It's taken a while, but Daimler AG is finally doing the right thing about diesel.
In a statement explaining its decision to recall nearly all the diesel vehicles it has sold in Europe since about 2009, the German car giant said it was making a “significant contribution to the reduction of nitrogen-oxide emissions” in European cities. I've been suggesting similar for a while.
Yet let's not carried away by the Mercedes-maker's saintly intentions. Its motives for re-calibrating some three million vehicles are almost certainly financial, not environmental. The recall won't cost much. The software fix works out at about 70 euros per vehicle, while the aggregate 220 million euro ($250 million) bill is about 2 percent of the company’s cash pile.
Instead, it's tempting to see the move as a cheap band-aid to make sure diesel's reputation isn't totally destroyed. This is pretty important to a company that's invested billions of euros in newer diesel engines , which are cleaner than the older technology.
Daimler will also be extremely keen to avoid plunging values in the diesel vehicles it has sold, which would trigger writedowns to Daimler's huge lease book. Half of its new car sales are either financed or leased by Daimler's financial services unit.
Taking action might help stem the steady erosion of shareholder wealth too. Despite the carmaker's record 8.5 billion euros of net profit last year, investors haven't rewarded Daimler. Its latest earnings update said diesel worries had negatively impacted the stock.
Whatever the motive, Daimler's actions are overdue. Some Mercedes-Benz vehicles emit far more nitrogen oxide when driven on the street than in the laboratory, contributing to respiratory diseases and unnecessary deaths. It's not the only carmaker at fault.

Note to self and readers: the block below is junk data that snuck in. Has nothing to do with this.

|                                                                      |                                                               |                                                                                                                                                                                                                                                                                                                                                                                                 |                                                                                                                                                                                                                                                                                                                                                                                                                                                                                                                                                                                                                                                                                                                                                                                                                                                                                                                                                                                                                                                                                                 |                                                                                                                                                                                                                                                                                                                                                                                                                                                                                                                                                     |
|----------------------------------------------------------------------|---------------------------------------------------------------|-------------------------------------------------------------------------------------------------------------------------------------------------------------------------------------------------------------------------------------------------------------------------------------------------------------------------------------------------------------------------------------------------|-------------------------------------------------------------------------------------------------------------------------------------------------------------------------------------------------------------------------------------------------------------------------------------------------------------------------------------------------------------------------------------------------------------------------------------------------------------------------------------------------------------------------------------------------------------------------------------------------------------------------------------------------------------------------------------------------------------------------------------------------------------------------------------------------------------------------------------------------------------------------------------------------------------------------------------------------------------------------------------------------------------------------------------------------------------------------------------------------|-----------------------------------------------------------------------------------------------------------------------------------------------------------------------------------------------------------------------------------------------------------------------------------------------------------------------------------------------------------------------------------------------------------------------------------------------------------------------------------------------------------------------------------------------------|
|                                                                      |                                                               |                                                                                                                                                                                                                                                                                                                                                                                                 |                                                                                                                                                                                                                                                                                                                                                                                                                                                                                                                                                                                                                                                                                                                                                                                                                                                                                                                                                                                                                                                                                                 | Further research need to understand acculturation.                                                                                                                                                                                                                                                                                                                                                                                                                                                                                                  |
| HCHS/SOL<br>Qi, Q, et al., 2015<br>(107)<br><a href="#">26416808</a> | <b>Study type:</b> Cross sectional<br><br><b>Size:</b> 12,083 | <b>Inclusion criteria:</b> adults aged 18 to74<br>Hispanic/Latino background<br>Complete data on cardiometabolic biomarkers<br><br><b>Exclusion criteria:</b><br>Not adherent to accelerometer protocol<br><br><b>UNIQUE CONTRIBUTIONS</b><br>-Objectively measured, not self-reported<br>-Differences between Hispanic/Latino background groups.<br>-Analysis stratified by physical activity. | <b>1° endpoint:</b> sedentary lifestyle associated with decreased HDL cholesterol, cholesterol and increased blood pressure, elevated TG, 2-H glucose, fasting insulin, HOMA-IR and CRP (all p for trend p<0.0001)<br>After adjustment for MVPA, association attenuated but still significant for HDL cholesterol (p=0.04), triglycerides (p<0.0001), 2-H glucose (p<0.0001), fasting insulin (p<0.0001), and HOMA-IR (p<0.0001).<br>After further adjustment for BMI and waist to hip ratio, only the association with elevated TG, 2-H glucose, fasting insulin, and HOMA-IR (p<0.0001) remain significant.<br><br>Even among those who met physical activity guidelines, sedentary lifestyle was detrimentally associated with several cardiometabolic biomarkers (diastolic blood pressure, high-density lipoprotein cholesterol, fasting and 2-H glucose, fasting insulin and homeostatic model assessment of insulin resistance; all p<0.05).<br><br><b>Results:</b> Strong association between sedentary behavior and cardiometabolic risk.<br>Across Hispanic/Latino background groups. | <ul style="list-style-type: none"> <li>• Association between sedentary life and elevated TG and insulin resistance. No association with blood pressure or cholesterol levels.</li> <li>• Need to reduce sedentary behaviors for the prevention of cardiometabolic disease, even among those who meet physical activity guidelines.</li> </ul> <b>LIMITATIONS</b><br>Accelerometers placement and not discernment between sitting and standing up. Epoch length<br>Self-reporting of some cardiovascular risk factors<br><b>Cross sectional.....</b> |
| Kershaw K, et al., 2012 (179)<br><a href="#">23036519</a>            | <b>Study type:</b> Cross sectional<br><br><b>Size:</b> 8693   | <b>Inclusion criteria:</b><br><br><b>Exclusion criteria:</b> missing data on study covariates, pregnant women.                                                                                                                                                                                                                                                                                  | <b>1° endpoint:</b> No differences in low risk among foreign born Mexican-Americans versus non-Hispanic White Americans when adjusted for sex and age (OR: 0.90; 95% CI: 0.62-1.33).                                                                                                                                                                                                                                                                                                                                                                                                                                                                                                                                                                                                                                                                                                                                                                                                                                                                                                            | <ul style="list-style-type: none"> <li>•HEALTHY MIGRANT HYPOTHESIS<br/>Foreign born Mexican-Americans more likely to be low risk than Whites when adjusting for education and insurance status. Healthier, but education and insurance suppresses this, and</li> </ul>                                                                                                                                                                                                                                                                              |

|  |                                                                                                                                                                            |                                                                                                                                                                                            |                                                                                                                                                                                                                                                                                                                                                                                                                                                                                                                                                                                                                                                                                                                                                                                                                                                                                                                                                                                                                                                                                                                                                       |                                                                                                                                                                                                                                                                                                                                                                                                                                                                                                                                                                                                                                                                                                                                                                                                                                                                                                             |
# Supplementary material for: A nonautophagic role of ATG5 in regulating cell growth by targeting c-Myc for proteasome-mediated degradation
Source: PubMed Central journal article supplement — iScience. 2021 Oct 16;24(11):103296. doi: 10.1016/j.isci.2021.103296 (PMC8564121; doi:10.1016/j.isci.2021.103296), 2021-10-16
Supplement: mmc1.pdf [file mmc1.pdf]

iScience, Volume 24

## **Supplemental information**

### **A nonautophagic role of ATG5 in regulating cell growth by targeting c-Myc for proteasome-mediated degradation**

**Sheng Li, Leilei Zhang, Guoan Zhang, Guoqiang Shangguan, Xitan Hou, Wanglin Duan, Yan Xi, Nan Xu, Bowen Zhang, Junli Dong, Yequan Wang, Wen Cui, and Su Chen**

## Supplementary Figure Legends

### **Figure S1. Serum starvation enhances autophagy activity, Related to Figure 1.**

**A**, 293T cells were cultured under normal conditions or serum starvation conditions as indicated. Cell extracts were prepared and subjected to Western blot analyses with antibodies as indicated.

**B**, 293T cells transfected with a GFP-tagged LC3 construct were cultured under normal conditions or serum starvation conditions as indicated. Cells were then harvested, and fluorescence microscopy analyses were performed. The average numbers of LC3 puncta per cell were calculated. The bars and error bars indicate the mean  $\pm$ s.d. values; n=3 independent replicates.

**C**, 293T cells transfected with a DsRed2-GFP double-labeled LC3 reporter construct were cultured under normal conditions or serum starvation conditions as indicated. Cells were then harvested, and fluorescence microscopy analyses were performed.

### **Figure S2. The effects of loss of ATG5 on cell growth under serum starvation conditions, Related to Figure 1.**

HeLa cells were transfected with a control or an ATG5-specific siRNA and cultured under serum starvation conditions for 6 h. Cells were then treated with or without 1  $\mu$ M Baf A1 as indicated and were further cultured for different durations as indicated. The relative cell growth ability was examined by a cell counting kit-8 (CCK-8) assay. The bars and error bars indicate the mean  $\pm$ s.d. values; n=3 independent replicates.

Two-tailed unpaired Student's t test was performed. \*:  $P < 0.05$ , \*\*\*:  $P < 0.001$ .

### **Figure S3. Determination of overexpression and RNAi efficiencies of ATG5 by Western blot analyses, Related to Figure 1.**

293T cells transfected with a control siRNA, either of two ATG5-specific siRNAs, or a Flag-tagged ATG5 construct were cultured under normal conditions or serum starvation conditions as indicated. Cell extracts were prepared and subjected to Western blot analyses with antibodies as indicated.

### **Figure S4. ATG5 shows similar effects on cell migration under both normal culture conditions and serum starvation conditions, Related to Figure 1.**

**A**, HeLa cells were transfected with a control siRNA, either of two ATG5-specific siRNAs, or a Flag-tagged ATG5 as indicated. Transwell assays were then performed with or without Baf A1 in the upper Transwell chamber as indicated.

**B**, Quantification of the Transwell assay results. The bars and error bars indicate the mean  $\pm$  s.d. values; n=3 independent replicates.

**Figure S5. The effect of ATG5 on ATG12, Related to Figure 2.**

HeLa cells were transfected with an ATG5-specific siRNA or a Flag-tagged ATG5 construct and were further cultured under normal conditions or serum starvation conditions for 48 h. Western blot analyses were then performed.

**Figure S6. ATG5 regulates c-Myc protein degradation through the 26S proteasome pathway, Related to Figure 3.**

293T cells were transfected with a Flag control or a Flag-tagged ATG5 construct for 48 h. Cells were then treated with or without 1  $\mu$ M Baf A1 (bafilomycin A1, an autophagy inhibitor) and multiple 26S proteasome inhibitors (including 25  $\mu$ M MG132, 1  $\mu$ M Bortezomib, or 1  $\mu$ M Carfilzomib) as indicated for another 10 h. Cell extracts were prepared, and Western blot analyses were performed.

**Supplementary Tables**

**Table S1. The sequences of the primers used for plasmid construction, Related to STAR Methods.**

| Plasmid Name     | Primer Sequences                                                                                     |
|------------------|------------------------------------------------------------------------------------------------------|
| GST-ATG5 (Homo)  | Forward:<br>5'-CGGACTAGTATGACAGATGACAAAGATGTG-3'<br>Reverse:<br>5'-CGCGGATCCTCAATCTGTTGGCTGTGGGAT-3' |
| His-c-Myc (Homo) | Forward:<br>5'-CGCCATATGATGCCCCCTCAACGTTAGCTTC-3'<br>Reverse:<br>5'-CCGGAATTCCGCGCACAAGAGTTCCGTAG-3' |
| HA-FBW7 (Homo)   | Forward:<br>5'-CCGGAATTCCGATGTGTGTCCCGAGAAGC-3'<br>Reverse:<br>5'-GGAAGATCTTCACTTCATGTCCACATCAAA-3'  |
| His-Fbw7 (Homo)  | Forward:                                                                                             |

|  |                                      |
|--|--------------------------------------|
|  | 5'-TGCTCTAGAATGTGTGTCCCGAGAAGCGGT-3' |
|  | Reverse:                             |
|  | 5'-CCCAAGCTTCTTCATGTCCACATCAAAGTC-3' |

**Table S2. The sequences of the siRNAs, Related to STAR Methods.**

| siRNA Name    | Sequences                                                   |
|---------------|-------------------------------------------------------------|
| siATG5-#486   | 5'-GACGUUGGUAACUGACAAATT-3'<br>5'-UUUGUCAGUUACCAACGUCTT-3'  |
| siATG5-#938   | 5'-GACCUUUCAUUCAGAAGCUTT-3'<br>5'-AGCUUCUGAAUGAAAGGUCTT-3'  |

At the latest, carmakers should have recalled their problematic diesels when Volkswagen confessed to fiddling the emissions of about 11 million vehicles in September 2015. Instead, they have seemed preoccupied with legal semantics over what exactly constitutes an illegal "defeat device".
In the absence of a decisive industry response, negative media reports and the threat of city-wide driving bans have stoked consumer fears, leading to falling diesel sales.
While two big German states this week signaled their support for recalls instead of outright bans, it's far from clear this will stop the rot. Nor will Daimler's belated action insulate it against probes in Germany and the U.S. It denies wrongdoing but has warned of material risks to profit and cash flow should the authorities disagree.
One would hope that rivals will have to follow its move. Daimler is recalling vehicles Europe-wide, not just in Germany. The cost of recalls could be higher for some manufacturers, depending on whether a software fix will suffice or new hardware is needed. HSBC estimates about 1,500 euros per car for the hardware option. But there's no guarantee this will happen. Italy, home of Fiat, has shown little interest in following the German lead.
Some carmakers may be reluctant to order repairs, lest this be interpreted as an admission or increase the vehicle's fuel consumption -- thus providing fodder for customer lawsuits.
Naturally, the industry also prefers to look to the future. Manufacturers such as Volkswagen and Volvo deserve credit for their ambitious electric vehicle targets. Yet unless carmakers deal satisfactorily with past mistakes, that future (like our cities) will be obscured by a noxious cloud.
This column does not necessarily reflect the opinion of Bloomberg LP and its owners.
Indepedent tests show Daimler's new OM 654 diesel engine emits very little Nox.
So far the impact on residual values appears to have been negligible.
Carmakers did recall a limited number of vehicles in Germany.
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